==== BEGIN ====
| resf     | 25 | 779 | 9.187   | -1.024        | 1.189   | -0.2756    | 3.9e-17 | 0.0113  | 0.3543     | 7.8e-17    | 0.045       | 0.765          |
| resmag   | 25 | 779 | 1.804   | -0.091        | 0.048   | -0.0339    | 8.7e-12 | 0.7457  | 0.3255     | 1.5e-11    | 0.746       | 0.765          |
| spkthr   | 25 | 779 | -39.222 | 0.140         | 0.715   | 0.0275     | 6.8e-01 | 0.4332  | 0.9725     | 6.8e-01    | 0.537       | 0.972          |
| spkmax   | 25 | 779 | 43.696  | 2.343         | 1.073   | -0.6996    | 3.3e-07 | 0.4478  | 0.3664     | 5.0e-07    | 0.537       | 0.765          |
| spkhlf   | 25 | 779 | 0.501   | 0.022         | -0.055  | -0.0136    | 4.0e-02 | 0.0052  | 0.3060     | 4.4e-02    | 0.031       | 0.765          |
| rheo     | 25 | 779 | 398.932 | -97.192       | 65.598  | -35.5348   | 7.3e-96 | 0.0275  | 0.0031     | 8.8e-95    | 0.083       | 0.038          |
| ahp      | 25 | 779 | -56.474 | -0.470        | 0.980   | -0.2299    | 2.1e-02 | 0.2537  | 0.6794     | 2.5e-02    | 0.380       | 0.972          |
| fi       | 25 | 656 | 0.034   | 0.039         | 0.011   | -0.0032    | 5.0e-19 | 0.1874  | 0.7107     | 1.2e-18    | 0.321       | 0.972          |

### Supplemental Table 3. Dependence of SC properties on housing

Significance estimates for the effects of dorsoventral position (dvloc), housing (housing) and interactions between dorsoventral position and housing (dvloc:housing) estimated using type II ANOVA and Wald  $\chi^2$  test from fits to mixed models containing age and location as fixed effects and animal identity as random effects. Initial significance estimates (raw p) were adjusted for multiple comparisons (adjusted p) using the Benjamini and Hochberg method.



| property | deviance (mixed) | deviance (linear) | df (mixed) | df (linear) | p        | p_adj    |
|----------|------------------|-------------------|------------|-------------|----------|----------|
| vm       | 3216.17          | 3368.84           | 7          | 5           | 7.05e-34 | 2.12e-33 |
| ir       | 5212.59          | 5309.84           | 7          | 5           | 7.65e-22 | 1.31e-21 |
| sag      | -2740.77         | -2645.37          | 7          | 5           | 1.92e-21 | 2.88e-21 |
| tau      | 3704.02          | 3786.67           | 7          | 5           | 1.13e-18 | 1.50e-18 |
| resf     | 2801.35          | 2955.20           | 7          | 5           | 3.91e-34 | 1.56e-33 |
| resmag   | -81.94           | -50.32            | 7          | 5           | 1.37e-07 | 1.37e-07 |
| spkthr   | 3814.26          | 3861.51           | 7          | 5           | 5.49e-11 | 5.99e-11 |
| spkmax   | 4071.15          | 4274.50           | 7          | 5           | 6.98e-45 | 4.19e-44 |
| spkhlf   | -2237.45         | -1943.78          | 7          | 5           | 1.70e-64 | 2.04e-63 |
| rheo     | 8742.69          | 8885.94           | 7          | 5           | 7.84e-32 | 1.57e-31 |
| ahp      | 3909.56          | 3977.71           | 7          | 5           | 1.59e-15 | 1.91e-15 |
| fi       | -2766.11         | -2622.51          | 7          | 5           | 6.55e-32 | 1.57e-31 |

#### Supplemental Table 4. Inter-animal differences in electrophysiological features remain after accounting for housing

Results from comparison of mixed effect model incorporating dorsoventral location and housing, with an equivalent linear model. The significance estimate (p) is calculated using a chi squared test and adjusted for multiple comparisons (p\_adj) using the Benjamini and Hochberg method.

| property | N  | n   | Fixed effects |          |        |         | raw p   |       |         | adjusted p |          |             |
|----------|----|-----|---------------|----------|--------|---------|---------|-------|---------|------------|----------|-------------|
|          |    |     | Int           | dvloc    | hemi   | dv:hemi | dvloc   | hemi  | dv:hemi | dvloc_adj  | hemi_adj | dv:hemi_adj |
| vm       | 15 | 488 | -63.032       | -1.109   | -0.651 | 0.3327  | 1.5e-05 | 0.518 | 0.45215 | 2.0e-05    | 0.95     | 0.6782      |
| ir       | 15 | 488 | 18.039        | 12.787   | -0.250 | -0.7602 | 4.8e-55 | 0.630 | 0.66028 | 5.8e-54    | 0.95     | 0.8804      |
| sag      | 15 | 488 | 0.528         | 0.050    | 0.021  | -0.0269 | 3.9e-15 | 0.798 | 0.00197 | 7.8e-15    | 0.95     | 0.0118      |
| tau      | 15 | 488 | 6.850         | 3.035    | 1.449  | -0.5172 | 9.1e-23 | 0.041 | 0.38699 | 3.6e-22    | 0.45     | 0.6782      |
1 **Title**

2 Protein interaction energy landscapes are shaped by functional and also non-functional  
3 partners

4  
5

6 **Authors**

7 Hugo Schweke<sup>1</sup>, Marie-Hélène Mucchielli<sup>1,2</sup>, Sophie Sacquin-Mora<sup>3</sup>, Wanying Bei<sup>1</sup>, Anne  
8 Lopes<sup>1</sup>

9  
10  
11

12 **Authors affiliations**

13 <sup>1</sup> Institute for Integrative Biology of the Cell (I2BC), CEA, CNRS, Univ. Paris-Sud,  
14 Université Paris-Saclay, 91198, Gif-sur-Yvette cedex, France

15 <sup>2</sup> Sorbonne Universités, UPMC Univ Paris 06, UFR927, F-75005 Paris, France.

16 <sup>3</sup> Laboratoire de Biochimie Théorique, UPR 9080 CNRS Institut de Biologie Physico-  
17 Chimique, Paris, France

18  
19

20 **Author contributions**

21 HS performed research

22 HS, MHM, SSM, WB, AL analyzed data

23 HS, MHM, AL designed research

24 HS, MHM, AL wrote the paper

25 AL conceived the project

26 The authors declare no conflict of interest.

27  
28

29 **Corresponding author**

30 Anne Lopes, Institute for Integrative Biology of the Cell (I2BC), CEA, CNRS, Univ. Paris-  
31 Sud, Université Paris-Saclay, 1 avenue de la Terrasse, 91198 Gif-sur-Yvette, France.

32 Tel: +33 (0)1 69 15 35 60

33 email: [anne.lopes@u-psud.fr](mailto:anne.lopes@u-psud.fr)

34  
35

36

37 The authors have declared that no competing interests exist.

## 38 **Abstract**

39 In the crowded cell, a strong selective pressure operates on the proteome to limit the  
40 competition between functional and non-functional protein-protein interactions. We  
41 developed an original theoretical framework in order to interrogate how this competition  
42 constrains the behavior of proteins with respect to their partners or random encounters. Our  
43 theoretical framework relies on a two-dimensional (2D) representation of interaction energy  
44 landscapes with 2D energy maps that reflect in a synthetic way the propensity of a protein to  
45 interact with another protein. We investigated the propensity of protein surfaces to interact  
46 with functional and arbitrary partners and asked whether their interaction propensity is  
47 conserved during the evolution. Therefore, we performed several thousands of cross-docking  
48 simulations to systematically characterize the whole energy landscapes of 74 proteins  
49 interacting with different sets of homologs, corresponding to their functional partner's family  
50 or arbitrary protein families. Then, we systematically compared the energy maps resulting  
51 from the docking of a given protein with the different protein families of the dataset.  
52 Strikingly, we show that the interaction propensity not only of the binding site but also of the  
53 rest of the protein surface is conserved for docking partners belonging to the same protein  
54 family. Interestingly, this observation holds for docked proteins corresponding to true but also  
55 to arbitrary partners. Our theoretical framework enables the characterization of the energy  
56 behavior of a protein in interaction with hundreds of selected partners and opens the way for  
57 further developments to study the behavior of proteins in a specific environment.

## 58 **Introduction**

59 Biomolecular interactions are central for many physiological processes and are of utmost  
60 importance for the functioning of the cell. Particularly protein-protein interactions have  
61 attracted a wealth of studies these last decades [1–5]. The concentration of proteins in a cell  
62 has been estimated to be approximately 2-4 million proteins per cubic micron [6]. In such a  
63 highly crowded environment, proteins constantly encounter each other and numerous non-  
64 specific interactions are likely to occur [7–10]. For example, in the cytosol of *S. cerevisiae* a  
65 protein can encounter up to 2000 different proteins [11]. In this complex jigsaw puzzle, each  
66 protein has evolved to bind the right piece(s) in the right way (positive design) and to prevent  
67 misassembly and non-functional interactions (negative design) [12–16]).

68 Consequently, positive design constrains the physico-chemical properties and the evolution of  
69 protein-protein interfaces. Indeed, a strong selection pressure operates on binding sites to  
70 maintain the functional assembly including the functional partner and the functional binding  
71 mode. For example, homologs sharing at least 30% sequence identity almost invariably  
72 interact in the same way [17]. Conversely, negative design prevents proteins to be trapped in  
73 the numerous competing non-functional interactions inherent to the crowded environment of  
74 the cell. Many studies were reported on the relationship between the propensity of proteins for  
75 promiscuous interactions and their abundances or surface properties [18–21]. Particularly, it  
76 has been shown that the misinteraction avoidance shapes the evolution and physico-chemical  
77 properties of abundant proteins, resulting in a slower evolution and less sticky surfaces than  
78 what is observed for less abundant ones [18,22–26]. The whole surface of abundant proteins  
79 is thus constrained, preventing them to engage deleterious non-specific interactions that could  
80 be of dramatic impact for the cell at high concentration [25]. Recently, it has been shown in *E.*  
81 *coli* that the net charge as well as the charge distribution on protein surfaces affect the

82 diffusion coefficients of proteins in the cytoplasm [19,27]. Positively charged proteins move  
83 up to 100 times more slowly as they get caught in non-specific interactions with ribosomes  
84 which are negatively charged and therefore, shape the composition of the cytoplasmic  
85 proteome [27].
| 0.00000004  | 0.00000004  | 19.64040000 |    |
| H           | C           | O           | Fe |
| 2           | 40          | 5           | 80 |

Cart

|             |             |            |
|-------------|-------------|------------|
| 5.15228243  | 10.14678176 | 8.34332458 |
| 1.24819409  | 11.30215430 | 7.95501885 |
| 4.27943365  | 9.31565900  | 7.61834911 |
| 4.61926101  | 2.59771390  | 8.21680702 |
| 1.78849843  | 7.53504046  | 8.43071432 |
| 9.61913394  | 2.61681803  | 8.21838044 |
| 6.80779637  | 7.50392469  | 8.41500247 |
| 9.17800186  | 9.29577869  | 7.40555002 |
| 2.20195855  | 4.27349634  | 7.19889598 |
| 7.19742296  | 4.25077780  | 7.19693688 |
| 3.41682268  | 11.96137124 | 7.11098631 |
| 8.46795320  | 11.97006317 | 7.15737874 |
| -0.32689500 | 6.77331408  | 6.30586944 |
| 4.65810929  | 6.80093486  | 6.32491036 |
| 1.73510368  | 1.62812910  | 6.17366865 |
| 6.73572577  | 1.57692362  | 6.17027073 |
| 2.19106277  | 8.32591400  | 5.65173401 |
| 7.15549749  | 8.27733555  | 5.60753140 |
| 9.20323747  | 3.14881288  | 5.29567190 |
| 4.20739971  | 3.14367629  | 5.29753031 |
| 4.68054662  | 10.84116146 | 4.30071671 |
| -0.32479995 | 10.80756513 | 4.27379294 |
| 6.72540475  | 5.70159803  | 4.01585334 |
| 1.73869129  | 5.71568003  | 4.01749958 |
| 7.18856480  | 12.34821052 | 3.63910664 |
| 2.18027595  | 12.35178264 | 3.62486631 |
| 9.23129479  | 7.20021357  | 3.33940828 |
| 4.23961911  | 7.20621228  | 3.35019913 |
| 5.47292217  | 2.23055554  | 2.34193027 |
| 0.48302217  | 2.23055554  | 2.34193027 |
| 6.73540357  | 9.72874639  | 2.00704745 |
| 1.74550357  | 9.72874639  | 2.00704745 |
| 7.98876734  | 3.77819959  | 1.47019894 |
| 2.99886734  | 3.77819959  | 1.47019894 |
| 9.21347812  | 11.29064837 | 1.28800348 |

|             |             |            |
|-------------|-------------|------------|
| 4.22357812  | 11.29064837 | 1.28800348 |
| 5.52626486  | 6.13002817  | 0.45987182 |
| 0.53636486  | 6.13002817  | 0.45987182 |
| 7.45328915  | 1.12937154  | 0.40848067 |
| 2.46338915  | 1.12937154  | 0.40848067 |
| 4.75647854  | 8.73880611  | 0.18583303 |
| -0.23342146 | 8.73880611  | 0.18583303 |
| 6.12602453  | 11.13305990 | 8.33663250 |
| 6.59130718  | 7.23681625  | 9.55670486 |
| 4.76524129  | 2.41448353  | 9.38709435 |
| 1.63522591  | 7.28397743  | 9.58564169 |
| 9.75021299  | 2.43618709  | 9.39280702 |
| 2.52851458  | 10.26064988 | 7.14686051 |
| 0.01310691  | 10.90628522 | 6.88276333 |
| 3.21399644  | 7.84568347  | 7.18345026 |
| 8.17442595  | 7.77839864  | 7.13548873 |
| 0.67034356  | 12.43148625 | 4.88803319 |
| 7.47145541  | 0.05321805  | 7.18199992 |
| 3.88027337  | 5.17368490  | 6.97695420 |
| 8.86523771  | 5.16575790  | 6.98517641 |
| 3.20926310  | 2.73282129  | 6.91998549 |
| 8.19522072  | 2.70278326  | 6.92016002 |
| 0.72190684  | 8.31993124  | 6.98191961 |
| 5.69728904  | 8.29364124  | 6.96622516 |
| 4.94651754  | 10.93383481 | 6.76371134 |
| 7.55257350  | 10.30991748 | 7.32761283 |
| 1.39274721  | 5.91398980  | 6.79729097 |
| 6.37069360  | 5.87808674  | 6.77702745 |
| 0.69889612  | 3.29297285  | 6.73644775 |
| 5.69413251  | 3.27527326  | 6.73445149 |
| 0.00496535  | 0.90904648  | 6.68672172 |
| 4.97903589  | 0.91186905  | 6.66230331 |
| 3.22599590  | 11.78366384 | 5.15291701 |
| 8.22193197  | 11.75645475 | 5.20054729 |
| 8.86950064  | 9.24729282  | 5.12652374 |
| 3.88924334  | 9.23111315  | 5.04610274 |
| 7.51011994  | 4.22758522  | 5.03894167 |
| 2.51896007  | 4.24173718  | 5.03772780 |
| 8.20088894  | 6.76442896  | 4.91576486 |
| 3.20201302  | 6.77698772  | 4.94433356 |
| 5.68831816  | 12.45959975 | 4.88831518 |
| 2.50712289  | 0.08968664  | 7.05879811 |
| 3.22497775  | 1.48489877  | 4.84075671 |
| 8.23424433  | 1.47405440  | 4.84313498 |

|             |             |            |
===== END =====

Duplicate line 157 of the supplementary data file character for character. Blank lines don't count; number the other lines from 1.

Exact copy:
| 7.98876734  | 3.77819959  | 1.47019894 |